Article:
To study the impact of 4-1BB agonists on each CD8 T cell subpopulation, we treated MC38hB7-H3 tumor–bearing mice with B5×1D8. As in the previous experiment, we analyzed the TIL population 4 days after the final treatment. B5×1D8 treatment significantly increased the number of PD-1+Tim-3+ terminally differentiated CD8 T cells (Fig. 4A). We further dissected the change within the CD8 T cell subpopulations with TCF1 and found that treatment with the 4-1BB agonist decreased the frequency of TCF1+Tim-3 cells within the PD-1+ CD8 T cells but did not significantly alter TCF1Tim-3+ PD-1+ CD8 T cells (Fig. 4B). Given the expression of 4-1BB in Tim-3+ terminally differentiated cells, our results suggest that 4-1BB agonists act on terminally differentiated cells and enhance their amplification in the tumor. The expression pattern of transcription factors such as Eomesodermin (Eomes) and T-box expressed in T cells (T-bet) is also linked to the differentiation of CD8 T cells in the TME. The terminally differentiated CD8 T cells express a high level of Eomes but a low T-bet (38, 39). A previous report showed that the 4-1BB agonist increases the level of Eomes and does not change in the level of T-bet in KLRG1+ CD8 T cells from mice bearing B16 tumor (40). Similarly, we found an increase in Eomes, but no change in T-bet expression, within the PD-1+ CD8 T cells following B5×1D8 treatment (Fig. 4C). Therefore, these results also suggest that B7-H3×4-1BB bsAb increases terminally differentiated CD8 T cells in the tumor.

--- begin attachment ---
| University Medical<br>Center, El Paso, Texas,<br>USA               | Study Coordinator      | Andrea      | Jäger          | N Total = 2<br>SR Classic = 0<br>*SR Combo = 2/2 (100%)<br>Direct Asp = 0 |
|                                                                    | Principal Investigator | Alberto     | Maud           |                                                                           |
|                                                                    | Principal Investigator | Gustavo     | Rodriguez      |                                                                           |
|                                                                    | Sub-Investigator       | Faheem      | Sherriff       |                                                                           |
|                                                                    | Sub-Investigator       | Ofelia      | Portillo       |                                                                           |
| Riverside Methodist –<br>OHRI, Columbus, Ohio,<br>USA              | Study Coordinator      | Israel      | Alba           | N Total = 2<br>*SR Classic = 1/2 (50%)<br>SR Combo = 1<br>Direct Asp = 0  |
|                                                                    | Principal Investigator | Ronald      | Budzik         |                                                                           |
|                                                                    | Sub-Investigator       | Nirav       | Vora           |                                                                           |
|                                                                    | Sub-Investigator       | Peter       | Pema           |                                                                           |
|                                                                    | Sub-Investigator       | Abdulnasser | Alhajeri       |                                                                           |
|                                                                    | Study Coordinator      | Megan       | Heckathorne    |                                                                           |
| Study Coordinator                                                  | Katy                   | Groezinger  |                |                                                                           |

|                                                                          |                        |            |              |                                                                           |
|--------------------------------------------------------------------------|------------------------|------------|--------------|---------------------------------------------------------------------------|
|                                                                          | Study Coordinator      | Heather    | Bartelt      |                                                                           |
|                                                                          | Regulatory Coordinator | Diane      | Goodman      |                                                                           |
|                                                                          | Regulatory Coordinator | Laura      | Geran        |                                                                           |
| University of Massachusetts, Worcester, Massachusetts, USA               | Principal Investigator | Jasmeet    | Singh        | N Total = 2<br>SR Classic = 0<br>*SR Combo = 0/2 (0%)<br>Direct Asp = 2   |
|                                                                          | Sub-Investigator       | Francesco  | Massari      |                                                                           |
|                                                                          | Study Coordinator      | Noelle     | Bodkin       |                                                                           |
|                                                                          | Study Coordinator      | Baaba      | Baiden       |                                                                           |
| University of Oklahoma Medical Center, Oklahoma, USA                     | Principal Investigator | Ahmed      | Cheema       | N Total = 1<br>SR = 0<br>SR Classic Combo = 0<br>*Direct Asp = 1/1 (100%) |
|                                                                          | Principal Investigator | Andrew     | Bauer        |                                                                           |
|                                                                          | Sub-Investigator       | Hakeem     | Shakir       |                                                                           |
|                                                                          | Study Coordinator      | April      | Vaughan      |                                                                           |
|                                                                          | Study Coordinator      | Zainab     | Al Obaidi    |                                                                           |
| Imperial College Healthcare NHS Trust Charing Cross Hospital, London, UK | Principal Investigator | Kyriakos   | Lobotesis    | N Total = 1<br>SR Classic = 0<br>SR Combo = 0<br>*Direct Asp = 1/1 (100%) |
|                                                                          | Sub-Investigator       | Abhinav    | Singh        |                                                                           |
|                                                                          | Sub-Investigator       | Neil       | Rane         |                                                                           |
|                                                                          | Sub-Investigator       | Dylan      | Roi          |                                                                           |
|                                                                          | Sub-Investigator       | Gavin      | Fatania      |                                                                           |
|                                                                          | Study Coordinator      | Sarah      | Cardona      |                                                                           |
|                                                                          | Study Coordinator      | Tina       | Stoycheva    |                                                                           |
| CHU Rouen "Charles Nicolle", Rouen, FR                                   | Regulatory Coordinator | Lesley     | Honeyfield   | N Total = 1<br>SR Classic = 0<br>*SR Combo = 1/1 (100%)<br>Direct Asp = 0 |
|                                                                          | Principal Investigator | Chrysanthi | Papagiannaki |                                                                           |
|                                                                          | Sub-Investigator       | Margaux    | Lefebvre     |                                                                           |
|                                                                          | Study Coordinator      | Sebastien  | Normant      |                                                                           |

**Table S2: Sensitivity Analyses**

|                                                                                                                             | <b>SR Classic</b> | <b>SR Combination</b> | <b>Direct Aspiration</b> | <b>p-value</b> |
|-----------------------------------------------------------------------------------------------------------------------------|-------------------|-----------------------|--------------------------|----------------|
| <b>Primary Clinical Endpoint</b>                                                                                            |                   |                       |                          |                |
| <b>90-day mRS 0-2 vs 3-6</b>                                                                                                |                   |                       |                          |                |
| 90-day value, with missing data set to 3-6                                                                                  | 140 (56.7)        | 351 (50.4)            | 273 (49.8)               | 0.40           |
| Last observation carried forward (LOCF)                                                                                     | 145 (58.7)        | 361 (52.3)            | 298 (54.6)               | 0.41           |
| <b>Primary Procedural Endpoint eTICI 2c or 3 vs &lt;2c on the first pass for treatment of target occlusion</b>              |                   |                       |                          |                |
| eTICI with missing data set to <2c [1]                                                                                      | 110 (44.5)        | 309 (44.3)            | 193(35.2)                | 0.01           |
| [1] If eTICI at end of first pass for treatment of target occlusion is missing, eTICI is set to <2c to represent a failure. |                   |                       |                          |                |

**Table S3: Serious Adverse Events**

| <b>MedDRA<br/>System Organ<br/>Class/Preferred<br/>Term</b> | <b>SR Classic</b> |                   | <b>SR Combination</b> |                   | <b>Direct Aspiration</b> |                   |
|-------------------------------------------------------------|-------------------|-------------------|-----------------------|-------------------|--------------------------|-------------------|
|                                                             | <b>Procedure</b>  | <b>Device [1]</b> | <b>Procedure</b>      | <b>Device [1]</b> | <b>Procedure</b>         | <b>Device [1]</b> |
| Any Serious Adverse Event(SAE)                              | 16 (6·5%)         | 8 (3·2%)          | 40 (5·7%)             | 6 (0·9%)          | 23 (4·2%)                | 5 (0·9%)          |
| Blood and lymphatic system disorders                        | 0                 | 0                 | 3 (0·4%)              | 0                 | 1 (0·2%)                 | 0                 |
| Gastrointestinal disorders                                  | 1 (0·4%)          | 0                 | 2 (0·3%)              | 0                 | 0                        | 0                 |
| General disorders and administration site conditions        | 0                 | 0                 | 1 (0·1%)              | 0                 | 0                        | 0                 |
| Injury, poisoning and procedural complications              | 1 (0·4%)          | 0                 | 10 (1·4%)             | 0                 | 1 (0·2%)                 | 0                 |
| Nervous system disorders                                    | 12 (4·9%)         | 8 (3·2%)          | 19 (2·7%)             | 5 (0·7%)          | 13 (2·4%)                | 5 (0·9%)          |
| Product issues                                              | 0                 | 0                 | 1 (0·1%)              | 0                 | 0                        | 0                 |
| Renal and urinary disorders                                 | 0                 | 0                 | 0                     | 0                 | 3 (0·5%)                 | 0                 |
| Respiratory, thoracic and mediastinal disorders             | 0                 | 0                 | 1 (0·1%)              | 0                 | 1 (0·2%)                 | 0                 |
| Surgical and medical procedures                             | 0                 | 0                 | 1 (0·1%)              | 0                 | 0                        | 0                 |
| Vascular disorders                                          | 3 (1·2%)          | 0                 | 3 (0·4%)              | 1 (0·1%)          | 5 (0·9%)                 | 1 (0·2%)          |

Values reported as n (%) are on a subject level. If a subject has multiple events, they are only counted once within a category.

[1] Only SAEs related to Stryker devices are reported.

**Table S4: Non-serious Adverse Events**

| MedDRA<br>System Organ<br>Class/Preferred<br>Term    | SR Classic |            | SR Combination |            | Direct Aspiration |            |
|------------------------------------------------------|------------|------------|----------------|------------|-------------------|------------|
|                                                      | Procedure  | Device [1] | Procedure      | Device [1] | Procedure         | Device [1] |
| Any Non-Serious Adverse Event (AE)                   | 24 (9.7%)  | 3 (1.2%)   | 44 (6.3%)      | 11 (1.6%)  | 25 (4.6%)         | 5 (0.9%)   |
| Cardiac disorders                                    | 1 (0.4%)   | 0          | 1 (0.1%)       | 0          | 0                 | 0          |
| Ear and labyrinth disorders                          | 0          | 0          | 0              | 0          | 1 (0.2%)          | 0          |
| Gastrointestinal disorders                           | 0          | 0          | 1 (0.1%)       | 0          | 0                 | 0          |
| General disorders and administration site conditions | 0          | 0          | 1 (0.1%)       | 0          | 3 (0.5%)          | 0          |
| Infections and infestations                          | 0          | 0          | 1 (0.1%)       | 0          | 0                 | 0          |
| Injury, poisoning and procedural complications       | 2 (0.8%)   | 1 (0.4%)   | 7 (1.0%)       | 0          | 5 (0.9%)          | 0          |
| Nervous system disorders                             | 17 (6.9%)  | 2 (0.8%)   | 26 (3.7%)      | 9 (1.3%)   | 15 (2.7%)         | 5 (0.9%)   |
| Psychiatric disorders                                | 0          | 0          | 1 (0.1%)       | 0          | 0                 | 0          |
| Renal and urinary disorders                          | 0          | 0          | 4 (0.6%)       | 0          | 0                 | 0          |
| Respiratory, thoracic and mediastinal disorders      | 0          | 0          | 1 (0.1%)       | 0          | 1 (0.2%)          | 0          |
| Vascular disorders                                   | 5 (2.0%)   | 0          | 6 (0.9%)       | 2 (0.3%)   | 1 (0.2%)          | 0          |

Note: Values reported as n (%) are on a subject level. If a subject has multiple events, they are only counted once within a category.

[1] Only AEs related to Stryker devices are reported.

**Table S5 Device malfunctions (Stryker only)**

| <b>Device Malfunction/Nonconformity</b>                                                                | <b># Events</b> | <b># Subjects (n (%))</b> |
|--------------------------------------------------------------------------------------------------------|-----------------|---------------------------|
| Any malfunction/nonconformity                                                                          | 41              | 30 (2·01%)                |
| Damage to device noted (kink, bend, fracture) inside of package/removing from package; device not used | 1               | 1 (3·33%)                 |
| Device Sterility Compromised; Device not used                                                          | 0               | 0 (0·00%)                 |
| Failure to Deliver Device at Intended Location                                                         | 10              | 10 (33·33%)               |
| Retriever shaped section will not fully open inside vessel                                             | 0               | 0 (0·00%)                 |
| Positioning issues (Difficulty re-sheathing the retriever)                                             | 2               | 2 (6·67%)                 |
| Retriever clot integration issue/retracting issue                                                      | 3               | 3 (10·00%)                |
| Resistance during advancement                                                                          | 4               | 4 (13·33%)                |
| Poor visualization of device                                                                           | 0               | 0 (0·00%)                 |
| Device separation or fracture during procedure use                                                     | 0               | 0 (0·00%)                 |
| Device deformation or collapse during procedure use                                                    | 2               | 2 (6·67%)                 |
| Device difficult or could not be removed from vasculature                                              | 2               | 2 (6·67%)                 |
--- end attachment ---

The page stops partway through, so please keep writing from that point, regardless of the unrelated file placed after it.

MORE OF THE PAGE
Fig. 4 Increased PD-1+Tim-3+ terminally differentiated CD8 T cells following B7-H3×4-1BB bsAb treatment.

(A to C) MC38hB7-H3 tumor–bearing C57BL/6 mice (n = 6 to 14 per group) were treated as in Fig. 3, and TILs were analyzed by flow cytometry 4 days after the last treatment. (A) Surface expression of PD-1 and Tim-3 on CD8 TILs. Expression of Tim-3 and TCF1 (B), and T-bet and Eomes (C) in CD8 TILs. Mean fluorescence intensity (MFI) of Eomes in PD-1+ CD8 TILs was represented (C, right). The numbers in each plot indicate the percentage of cells expressing each molecule. Dots on the right are representative of three independent experiments. *P < 0.05; **P < 0.01; ***P < 0.001; and ****P < 0.0001, unpaired Student’s t test.